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Remortgaging with bad credit rating

(16 Posts)
Snowbites Tue 14-Nov-17 21:36:17

Changed username as this is all rather embarrassing. My credit rating has fallen over the past few months - turns out the first reason was a stupid £50 debt I hadn’t paid for months that I didn’t know existed. Couple of delayed credit card payments following this and my score has tanked sad

We are due to remortgage in the next few months as our fixed deal is coming to the end

My question is this - I am happy to stay with the same provider, if I ring them and ask for a current new deal quote will they check my credit file, or will they offer a quote just based on my current mortgage deal/payments etc? I have never missed a mortgage payment. I am worried that if I ring and ask for a new deal they will look at my file and whack my interest up. Other option is I leave the deal to run out and continue on their current rate (which I assume will be a bit higher than what I pay currently)

Please let me know if you’ve been in this situation and what happened. I do have a good wage that is consistent so I know I can pay the mortgage, I am just worried!

Thanks for reading

whatsleep Tue 14-Nov-17 21:48:45

Best advice I can give you is to speak to an independent financial advisor. The more products you apply for and fail to obtain, the hits your credit rating will receive. IFA will know which products are most achievable for you including your current mortgage provider.

We have just changed our mortgage over. When we contacted our provider we weren’t offered a great deal. Our IFA then got us an amazing deal which turned out to be with the same company.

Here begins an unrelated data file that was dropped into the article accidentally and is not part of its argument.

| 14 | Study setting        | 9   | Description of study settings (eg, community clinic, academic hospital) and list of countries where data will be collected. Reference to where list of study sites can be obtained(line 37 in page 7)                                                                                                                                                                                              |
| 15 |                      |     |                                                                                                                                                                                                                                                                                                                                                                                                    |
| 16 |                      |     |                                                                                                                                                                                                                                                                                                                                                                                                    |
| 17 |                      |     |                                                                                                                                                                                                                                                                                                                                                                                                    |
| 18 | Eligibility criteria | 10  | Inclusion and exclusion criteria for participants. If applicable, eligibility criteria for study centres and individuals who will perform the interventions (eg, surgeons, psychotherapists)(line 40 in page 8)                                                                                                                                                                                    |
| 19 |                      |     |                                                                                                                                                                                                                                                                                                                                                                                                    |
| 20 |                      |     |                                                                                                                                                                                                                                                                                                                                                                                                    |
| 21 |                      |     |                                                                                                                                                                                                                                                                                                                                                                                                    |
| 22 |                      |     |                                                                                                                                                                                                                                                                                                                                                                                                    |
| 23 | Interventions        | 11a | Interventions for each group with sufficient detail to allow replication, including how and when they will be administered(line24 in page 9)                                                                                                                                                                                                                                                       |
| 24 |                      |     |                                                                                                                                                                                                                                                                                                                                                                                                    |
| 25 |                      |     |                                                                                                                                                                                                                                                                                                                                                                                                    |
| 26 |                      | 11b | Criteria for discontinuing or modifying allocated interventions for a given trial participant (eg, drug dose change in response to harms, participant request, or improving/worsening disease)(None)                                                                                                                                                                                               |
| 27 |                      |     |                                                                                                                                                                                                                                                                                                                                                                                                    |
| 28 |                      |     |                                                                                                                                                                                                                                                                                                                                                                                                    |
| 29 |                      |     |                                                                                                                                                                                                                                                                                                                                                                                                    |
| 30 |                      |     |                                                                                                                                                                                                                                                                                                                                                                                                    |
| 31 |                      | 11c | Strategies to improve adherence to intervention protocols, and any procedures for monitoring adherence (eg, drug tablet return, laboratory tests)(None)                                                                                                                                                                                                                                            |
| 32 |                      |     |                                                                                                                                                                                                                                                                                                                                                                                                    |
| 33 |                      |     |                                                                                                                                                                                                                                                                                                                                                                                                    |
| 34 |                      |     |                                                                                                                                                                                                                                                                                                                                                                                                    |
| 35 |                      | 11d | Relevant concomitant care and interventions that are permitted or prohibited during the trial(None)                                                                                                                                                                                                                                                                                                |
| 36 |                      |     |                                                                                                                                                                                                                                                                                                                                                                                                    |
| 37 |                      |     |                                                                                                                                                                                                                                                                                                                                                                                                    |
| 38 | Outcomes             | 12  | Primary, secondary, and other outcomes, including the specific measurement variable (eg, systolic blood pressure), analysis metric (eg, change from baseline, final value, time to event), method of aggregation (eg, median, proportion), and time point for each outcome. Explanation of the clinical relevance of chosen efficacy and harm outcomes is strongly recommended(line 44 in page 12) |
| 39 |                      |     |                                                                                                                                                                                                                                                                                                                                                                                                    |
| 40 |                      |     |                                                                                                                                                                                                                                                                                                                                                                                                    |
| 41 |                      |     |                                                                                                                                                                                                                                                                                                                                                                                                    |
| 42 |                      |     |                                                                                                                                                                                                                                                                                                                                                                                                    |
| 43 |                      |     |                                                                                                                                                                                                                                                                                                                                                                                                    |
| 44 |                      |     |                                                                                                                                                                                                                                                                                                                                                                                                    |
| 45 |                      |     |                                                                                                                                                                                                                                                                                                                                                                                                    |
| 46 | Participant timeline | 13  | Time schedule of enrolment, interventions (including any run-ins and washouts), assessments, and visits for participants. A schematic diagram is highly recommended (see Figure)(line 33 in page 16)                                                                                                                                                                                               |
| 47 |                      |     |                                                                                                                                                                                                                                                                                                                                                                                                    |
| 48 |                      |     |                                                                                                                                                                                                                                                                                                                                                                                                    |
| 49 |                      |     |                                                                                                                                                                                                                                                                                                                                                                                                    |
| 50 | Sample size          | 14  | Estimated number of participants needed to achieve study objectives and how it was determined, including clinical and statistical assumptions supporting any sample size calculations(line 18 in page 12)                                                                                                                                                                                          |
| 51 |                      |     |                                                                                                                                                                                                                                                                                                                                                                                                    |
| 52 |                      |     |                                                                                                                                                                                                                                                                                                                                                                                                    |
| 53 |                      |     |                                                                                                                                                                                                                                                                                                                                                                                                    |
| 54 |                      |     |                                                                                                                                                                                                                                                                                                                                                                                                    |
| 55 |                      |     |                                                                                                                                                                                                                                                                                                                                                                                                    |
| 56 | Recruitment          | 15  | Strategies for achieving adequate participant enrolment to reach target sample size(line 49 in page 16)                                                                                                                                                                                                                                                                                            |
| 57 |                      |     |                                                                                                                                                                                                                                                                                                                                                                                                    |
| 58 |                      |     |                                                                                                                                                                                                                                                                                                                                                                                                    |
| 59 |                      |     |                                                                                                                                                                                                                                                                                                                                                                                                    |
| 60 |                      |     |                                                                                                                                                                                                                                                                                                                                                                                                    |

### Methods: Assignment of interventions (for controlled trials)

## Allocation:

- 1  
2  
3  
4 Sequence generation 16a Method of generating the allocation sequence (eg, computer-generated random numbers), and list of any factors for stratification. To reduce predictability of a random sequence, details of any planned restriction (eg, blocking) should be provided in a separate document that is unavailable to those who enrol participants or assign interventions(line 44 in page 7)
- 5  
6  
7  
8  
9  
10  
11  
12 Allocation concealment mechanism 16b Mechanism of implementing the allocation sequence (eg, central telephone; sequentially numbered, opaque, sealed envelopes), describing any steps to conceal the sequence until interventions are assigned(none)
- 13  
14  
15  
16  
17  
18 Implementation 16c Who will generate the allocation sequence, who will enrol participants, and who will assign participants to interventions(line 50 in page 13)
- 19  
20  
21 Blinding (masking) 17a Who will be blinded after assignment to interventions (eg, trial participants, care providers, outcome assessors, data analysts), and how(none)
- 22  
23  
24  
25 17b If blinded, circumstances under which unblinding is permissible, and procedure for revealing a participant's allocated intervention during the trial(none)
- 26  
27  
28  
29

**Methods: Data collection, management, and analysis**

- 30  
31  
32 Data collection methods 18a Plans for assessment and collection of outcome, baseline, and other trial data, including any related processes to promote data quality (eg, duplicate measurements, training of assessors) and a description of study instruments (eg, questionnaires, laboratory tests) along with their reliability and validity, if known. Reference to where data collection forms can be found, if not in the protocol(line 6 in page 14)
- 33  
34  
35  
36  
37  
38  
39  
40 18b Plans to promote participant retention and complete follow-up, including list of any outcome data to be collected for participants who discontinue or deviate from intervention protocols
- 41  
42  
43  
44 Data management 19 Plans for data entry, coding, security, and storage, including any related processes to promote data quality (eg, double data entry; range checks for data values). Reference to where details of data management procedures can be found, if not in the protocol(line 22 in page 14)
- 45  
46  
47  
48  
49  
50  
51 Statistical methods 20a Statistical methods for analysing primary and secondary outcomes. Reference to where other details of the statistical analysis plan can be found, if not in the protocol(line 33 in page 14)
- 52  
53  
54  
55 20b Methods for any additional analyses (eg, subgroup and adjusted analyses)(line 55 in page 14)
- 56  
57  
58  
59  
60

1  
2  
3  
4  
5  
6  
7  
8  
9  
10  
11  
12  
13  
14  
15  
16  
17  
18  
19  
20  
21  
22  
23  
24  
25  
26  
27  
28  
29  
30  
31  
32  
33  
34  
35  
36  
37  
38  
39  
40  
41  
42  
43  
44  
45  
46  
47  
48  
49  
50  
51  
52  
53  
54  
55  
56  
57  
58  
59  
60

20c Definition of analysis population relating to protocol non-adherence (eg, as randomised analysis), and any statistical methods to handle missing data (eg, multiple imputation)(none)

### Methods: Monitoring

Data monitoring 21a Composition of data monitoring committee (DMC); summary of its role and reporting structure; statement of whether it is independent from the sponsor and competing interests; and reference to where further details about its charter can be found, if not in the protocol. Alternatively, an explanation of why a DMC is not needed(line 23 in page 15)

Hope this helps in a round about way!

JourneyToThePlacentaOfTheEarth Tue 14-Nov-17 21:49:33

When our fixed rate was coming to an end our mortgage provider rang us and offered us a remortgage. They said as long as we don't want to borrow more money they will start the new deal based on the agreed market value of the house, no new credit check needed

MickeyLuv Tue 14-Nov-17 21:53:20

I've renewed my mortgage deal a number of times with a terrible credit rating. As someone has already said, if you stay with your current lender as don't want to borrow any more, they will usually switch you to a new product with no credit check.

Mine is with Halifax, most recently done online in the last could of weeks and I didn't even have to speak to anyone.

ichbineinstasumer Tue 14-Nov-17 21:54:09

We are about to remortgage and found that if we stay with current provider they will just provide a new deal without asking for all the financial information and presumably without doing checks - I did worry as my DH has a debt that he has not dealt with well, so I plan to stay with existing provider to avoid the stress of the remortgage and because their rates are competitive. I think in your situation it would pay to stay put unless it's a bad deal as the credit rating is likely to be a problem - but you can resolve it before the new deal ends

Snowbites Tue 14-Nov-17 21:55:43